Maha Prajnaparamita Sastra

by Gelongma Karma Migme Chödrön | 2001 | 941,039 words

This page describes “story of king murdhaja (mandhatar)” as written by Nagarjuna in his Maha-prajnaparamita-sastra (lit. “the treatise on the great virtue of wisdom”) in the 2nd century. This book, written in five volumes, represents an encyclopedia on Buddhism as well as a commentary on the Pancavimsatisahasrika Prajnaparamita.

Appendix 2 - The story of king Mūrdhaja (Māndhātar)

Note: this appendix is extracted from Chapter XXVI, part 1:

“King Mūrdhaja reigned over the four continents (cāturdvīpaka); the heavens rained down on him the seven jewels (saptaratna) and the things he needed; Śakra devānām indra shared his seat with him and made him sit beside him; nevertheless, despite all his wealth, he was unable to obtain the Path”.

Māndhātar, surnamed Mūrdhaja because he was born from a bump on his father’s head, reigned in the western kingdom and successively conquered those of the south, the east and the north. He possessed the seven jewels of a cakravartin king and, when he closed his left hand and touched it with his right hand, the sky rained down a shower of the seven kinds of jewels, which accumulated up to the height of his knees. He went to visit the world of the gods and reigned first over the heaven of the Caturmahārājikas. From there, he went to the heaven of the Trāyastriṃśa gods: Śakra took him by the hand and made him sit beside him. Māndhatar then sought to take over Śakra’s throne, but he was sent back at once to earth where he died of sickness.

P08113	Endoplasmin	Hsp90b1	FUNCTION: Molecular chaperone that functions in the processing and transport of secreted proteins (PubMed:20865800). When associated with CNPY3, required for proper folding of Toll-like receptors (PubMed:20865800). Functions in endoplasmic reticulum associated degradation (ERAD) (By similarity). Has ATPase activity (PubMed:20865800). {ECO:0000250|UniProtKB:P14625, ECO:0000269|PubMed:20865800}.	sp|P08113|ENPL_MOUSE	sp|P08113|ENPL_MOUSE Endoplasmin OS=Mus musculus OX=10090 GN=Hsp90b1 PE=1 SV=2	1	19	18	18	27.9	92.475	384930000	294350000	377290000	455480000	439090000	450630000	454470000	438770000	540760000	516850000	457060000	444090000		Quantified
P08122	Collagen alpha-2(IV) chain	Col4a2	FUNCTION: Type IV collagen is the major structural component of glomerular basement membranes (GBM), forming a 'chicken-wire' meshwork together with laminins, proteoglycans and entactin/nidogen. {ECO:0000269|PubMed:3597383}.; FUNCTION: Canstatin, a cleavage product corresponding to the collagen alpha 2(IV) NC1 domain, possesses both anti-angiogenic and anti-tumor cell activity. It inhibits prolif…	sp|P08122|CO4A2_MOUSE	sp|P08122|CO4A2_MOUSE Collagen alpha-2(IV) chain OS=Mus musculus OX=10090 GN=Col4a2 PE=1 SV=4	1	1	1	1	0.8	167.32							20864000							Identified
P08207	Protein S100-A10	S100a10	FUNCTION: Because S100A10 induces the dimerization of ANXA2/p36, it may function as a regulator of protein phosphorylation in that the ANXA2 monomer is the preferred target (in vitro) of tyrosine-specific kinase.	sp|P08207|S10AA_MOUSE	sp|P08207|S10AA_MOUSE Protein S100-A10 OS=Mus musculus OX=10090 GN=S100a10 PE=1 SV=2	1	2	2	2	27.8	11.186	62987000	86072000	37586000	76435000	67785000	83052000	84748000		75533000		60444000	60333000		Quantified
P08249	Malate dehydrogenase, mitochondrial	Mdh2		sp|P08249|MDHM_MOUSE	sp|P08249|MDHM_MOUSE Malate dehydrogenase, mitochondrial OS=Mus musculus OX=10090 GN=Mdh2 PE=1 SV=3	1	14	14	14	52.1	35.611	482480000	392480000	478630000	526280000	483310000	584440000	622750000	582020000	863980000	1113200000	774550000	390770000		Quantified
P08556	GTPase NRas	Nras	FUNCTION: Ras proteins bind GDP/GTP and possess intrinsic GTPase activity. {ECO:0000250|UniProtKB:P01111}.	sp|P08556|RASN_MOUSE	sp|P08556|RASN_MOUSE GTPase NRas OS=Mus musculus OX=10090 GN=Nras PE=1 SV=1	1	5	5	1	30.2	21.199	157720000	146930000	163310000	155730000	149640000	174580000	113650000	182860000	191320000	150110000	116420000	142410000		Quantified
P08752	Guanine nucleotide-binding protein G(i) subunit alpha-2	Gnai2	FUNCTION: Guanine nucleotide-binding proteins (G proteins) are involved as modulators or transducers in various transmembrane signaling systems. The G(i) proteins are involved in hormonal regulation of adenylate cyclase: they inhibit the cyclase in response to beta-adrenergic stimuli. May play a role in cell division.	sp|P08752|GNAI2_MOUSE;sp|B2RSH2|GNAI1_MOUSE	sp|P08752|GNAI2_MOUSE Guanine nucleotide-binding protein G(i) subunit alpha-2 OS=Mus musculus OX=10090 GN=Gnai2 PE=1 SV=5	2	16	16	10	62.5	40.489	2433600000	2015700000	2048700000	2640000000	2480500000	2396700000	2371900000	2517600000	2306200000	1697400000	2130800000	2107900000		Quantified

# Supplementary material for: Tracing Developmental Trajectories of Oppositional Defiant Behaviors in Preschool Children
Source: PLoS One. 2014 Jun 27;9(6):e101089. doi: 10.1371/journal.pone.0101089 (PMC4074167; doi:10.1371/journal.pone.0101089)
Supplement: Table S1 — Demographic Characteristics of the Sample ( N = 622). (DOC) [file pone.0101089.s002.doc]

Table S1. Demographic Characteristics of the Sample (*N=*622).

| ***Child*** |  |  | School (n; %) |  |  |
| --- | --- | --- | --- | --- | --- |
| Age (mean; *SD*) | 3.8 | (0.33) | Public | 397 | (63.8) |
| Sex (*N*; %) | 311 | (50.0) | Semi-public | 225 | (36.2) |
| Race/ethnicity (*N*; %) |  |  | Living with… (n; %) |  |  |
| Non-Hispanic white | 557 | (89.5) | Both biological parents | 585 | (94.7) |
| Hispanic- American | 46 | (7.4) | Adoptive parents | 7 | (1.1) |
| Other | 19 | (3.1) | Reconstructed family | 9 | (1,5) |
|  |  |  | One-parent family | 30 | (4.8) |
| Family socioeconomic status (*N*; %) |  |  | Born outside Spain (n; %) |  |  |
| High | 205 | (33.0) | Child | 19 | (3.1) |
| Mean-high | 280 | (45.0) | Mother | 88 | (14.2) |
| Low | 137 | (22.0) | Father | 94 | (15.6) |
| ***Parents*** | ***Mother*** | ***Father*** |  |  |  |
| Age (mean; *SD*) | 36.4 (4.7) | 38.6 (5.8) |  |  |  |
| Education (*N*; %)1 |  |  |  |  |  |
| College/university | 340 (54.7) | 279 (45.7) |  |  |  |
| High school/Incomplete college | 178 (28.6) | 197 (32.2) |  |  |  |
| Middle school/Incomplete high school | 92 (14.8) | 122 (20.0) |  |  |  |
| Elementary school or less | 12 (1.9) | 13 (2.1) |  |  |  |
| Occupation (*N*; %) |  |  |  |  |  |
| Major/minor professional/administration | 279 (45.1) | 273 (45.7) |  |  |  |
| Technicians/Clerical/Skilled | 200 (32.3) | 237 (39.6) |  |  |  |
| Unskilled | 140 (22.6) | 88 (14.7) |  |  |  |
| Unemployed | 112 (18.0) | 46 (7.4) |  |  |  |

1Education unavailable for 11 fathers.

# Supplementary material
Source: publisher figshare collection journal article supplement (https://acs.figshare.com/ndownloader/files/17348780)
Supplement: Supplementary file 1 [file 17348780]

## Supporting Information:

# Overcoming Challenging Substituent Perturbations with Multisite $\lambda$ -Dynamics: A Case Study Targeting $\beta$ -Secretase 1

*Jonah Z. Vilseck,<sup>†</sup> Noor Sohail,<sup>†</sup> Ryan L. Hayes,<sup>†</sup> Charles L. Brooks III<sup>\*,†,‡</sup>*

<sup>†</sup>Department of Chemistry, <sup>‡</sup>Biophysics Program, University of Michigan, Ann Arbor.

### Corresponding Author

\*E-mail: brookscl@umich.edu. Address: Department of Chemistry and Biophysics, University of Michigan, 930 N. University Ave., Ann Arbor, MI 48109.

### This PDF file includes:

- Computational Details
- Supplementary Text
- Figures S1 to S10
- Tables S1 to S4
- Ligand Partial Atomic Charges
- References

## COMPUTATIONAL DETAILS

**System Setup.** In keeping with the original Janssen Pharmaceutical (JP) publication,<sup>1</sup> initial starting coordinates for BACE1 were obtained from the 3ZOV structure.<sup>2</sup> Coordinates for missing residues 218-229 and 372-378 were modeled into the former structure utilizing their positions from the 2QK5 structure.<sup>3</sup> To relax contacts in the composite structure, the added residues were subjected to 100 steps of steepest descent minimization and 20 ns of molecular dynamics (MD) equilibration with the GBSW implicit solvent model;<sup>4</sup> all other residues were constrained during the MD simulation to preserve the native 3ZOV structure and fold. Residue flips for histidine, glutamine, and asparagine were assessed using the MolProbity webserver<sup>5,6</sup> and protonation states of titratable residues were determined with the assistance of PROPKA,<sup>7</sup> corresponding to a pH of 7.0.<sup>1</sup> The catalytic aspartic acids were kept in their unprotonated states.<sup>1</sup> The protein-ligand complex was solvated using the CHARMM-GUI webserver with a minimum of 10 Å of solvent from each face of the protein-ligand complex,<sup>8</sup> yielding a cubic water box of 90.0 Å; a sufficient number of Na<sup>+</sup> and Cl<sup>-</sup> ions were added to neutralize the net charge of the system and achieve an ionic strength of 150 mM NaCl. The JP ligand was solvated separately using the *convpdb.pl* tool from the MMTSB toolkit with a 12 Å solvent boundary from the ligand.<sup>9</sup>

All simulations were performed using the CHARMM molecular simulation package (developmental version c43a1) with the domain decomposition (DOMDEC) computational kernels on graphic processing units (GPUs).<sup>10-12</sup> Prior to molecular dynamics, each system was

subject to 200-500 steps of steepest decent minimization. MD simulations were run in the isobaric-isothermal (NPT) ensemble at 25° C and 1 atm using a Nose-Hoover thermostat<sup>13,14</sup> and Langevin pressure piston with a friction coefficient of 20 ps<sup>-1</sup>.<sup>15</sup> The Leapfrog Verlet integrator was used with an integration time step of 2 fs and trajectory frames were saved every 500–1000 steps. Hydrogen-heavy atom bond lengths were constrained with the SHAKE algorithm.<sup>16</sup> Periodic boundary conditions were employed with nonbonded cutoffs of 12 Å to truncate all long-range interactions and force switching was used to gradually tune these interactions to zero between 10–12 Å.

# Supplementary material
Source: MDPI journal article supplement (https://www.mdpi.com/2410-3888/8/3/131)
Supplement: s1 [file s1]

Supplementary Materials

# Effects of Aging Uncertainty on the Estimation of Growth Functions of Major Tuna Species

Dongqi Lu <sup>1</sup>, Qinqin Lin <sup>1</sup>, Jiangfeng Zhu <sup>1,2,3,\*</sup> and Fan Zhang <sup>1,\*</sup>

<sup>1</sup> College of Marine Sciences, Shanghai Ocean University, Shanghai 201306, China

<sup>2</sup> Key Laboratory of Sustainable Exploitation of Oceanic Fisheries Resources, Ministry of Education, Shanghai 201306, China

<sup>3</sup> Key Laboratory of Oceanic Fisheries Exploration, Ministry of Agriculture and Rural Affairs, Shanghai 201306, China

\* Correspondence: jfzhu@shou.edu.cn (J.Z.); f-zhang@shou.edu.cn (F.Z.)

Māndhātar is often mentioned in Indian texts, Buddhist as well as brahmanical. The major sources are:

Pāli: Jātaka (no. 258), II, p. 311–34; Sumaṅgala, II, p. 481–482;Papañca, I, I, p. 225–226; Dhammapadaṭṭha, III, p. 240.

Sanskrit: Buddhacarita, I, 10; X, 31; XI, 13; Mahāvastu, I, p. 348; Divyāvadāna, p. 210–226; Avadānakalpalatā (no. 4), I, p. 122–153; Mahābhārata and Rāmāyaṇa, references in Hopkins, Epic Mythology, p. 139.

Tibetan: Dulwa, in Schiefner-Ralston, Tibetan Tales, p. 1–20.

Chinese: Tchong a han, T 26 (no. 60), k. 11, p. 494b–496a; Ting cheng wang kou king, T 39, p. 822b–824a; Wen t’o kie wang king, T 40, p. 824a–825a; Lieou tou tsi king, T 152 (no. 40), k. 4, p. 21c–22b (tr. Chavannes, Contes, I, p. 137–142); Ting cheng wang yin yuan king, T 165, p. 393 seq.; Hien yu king, T 202 (no. 64), k. 13, p. 439b–440c (tr. Chavannes, Contes, IV, p. 107–108; cf. Schmidt, Der Weise und der Thor, p. 369–377); Tch’ou yao king, T 212, k. 4, P. 631c seq.; Ken pen chouo… yao tche, T 1448, k. 11, p. 51c; k. 12, p. 56b; Ken chouo… p’o senf che, T 1450, k. 1, p. 100c; Tsang so che louen, T 1645, k. 1, p. 231a; Tch’eng che louen, T 1646, k. 5, p. 277c.

Iconography: Sivaramamurti, Amarāvatī, p. 222–224, pl. 33 (1); Longhurst, Nāgārjunakoṇḍa, p. 47–48, pl. 43; Foucher, Buddh. Art, p. 225–230 (south-west corner of Borobudur).

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